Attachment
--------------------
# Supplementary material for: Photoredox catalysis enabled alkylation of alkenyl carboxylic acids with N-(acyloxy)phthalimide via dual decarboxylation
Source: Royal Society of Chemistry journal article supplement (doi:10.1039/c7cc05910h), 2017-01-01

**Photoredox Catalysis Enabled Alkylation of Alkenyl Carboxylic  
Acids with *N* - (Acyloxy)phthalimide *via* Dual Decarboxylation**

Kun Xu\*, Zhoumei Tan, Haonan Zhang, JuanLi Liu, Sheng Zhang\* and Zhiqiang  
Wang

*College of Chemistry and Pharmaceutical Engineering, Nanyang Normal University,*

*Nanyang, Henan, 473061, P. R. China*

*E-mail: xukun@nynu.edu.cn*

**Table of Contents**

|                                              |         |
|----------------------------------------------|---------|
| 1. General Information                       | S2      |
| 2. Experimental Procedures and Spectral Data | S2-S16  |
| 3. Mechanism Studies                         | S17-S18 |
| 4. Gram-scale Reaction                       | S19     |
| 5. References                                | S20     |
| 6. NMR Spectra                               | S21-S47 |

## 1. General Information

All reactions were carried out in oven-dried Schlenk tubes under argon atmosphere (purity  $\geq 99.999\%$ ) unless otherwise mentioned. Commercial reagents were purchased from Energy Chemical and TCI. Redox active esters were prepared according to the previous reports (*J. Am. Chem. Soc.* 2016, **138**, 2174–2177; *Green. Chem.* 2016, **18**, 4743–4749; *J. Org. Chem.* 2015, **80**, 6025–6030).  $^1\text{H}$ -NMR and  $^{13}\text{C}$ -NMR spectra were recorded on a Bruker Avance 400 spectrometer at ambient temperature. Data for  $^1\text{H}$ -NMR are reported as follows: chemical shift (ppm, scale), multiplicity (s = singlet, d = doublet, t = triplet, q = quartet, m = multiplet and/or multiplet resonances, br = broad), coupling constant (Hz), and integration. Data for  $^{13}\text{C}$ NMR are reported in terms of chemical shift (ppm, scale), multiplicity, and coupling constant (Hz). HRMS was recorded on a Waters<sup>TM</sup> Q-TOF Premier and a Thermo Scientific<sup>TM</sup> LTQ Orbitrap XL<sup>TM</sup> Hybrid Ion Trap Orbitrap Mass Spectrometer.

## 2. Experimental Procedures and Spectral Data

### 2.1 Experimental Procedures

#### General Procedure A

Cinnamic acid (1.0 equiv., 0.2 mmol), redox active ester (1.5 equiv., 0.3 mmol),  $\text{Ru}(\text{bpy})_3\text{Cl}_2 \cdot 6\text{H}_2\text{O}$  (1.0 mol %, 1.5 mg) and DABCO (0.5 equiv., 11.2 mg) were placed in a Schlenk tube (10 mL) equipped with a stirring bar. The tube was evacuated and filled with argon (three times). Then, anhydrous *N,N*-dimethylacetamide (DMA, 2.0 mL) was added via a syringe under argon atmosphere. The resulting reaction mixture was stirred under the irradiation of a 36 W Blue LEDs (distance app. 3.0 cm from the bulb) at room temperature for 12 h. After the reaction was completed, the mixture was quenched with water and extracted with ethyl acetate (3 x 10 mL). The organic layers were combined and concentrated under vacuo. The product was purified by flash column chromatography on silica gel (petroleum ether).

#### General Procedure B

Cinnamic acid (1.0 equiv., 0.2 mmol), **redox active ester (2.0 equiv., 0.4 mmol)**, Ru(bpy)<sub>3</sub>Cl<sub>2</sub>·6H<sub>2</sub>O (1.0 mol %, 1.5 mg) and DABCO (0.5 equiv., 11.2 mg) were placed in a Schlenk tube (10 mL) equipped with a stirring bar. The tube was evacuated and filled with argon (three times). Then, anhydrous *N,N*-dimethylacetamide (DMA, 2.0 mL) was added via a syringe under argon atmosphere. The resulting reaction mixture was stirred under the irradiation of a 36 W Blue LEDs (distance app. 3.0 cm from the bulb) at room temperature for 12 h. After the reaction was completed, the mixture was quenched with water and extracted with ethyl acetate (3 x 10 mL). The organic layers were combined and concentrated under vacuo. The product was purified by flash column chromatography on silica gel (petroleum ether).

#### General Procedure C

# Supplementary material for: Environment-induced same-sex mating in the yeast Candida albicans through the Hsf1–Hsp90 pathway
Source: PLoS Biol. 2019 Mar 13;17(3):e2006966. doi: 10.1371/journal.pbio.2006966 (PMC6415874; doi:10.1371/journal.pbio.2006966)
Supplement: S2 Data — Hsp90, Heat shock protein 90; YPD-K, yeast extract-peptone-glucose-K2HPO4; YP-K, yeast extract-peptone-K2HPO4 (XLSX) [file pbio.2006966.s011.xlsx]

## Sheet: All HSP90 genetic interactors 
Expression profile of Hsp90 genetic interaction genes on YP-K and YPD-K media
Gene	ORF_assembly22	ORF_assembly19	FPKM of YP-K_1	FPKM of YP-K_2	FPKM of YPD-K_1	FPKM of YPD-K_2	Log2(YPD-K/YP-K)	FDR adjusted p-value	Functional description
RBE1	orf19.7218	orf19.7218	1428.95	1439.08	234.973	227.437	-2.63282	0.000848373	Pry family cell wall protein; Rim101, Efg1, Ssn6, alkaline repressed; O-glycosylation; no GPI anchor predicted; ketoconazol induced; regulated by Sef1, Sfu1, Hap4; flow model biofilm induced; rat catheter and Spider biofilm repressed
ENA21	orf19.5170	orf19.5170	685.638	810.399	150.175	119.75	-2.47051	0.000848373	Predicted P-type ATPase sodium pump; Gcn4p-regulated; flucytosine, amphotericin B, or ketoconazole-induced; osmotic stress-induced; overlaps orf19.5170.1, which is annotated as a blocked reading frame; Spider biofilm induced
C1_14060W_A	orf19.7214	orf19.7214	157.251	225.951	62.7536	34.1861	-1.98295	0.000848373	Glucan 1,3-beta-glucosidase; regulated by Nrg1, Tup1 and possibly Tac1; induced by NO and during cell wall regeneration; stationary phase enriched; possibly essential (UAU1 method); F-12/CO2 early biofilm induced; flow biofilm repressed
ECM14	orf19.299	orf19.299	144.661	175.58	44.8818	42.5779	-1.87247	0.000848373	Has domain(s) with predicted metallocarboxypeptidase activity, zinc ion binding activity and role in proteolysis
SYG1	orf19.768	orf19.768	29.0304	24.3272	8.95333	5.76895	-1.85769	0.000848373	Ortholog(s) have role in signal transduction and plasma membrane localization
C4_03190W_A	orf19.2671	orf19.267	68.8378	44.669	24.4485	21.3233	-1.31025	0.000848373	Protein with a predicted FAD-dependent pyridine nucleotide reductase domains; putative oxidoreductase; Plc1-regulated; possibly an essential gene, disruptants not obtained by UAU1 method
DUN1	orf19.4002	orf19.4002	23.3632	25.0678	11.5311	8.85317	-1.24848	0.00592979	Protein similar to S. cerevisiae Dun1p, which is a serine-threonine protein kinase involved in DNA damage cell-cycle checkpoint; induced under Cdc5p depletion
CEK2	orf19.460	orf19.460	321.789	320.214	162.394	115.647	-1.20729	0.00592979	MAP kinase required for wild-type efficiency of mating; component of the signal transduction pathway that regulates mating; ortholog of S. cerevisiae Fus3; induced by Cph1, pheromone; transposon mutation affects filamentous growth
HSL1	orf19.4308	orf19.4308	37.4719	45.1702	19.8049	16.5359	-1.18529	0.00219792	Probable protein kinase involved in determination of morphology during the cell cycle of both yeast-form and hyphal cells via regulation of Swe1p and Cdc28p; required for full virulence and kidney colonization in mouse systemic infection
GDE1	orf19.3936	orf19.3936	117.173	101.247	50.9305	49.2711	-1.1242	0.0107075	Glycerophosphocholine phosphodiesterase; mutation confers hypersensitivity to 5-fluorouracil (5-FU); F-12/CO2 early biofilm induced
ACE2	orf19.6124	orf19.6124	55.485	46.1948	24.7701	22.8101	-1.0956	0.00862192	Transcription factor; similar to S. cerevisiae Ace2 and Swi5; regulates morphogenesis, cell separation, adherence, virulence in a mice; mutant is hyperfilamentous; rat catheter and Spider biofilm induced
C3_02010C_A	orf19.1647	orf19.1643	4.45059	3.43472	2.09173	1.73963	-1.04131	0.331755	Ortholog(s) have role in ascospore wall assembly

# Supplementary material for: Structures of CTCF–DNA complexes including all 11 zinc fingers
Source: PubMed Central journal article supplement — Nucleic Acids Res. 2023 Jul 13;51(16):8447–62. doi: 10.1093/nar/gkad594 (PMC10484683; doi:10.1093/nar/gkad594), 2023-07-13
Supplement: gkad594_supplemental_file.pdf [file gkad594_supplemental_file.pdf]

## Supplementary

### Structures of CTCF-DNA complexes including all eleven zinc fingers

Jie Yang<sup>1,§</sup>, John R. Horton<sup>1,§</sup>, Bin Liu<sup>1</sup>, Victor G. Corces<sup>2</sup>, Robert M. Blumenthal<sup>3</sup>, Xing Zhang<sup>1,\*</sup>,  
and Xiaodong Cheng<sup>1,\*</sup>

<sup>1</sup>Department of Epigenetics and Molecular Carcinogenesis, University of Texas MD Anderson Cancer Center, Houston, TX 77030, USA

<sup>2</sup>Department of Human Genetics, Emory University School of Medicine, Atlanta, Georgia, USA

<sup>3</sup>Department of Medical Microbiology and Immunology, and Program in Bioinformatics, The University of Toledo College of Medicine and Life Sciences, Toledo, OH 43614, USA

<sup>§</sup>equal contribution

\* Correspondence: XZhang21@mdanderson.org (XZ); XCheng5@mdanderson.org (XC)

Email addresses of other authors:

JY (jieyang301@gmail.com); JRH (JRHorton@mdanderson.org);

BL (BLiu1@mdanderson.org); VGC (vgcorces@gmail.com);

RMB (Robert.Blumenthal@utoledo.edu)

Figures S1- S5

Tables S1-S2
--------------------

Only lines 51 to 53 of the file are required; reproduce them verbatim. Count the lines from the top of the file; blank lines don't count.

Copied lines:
Jie Yang<sup>1,§</sup>, John R. Horton<sup>1,§</sup>, Bin Liu<sup>1</sup>, Victor G. Corces<sup>2</sup>, Robert M. Blumenthal<sup>3</sup>, Xing Zhang<sup>1,\*</sup>,  
and Xiaodong Cheng<sup>1,\*</sup>

<sup>1</sup>Department of Epigenetics and Molecular Carcinogenesis, University of Texas MD Anderson Cancer Center, Houston, TX 77030, USA